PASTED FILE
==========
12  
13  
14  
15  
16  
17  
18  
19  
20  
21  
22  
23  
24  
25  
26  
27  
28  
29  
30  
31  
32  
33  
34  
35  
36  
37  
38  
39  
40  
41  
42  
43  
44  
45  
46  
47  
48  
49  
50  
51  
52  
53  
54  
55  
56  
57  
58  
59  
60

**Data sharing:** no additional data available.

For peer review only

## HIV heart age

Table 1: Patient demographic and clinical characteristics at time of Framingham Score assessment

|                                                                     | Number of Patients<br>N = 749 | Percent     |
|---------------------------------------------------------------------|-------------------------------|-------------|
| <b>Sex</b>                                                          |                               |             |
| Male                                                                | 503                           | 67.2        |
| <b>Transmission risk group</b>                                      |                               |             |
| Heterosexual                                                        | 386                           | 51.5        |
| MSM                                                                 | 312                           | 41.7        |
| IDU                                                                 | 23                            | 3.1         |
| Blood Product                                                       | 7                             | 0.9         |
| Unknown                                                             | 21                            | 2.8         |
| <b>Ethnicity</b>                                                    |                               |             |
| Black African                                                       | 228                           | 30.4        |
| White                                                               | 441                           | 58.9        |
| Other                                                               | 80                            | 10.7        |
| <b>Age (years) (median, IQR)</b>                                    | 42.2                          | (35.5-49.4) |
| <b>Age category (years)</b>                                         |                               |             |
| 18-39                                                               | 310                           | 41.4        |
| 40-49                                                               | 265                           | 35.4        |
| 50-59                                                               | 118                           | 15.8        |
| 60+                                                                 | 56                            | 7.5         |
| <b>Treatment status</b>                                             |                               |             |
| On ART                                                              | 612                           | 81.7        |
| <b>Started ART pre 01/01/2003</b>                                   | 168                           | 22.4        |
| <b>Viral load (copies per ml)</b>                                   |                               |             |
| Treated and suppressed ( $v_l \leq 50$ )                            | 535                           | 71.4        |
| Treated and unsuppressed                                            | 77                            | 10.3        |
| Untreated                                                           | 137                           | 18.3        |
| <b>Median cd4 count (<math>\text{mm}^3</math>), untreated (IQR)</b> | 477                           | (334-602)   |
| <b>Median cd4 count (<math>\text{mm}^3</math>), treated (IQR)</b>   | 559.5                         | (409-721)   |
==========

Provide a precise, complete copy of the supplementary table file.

12  
13  
14  
15  
16  
17  
18  
19  
20  
21  
22  
23  
24  
25  
26  
27  
28  
29  
30  
31  
32  
33  
34  
35  
36  
37  
38  
39  
40  
41  
42  
43  
44  
45  
46  
47  
48  
49  
50  
51  
52  
53  
54  
55  
56  
57  
58  
59  
60

**Data sharing:** no additional data available.

For peer review only

## HIV heart age

Table 1: Patient demographic and clinical characteristics at time of Framingham Score assessment

|                                                                     | Number of Patients<br>N = 749 | Percent     |
|---------------------------------------------------------------------|-------------------------------|-------------|
| <b>Sex</b>                                                          |                               |             |
| Male                                                                | 503                           | 67.2        |
| <b>Transmission risk group</b>                                      |                               |             |
| Heterosexual                                                        | 386                           | 51.5        |
| MSM                                                                 | 312                           | 41.7        |
| IDU                                                                 | 23                            | 3.1         |
| Blood Product                                                       | 7                             | 0.9         |
| Unknown                                                             | 21                            | 2.8         |
| <b>Ethnicity</b>                                                    |                               |             |
| Black African                                                       | 228                           | 30.4        |
| White                                                               | 441                           | 58.9        |
| Other                                                               | 80                            | 10.7        |
| <b>Age (years) (median, IQR)</b>                                    | 42.2                          | (35.5-49.4) |
| <b>Age category (years)</b>                                         |                               |             |
| 18-39                                                               | 310                           | 41.4        |
| 40-49                                                               | 265                           | 35.4        |
| 50-59                                                               | 118                           | 15.8        |
| 60+                                                                 | 56                            | 7.5         |
| <b>Treatment status</b>                                             |                               |             |
| On ART                                                              | 612                           | 81.7        |
| <b>Started ART pre 01/01/2003</b>                                   | 168                           | 22.4        |
| <b>Viral load (copies per ml)</b>                                   |                               |             |
| Treated and suppressed ( $v_l \leq 50$ )                            | 535                           | 71.4        |
| Treated and unsuppressed                                            | 77                            | 10.3        |
| Untreated                                                           | 137                           | 18.3        |
| <b>Median cd4 count (<math>\text{mm}^3</math>), untreated (IQR)</b> | 477                           | (334-602)   |
| <b>Median cd4 count (<math>\text{mm}^3</math>), treated (IQR)</b>   | 559.5                         | (409-721)   |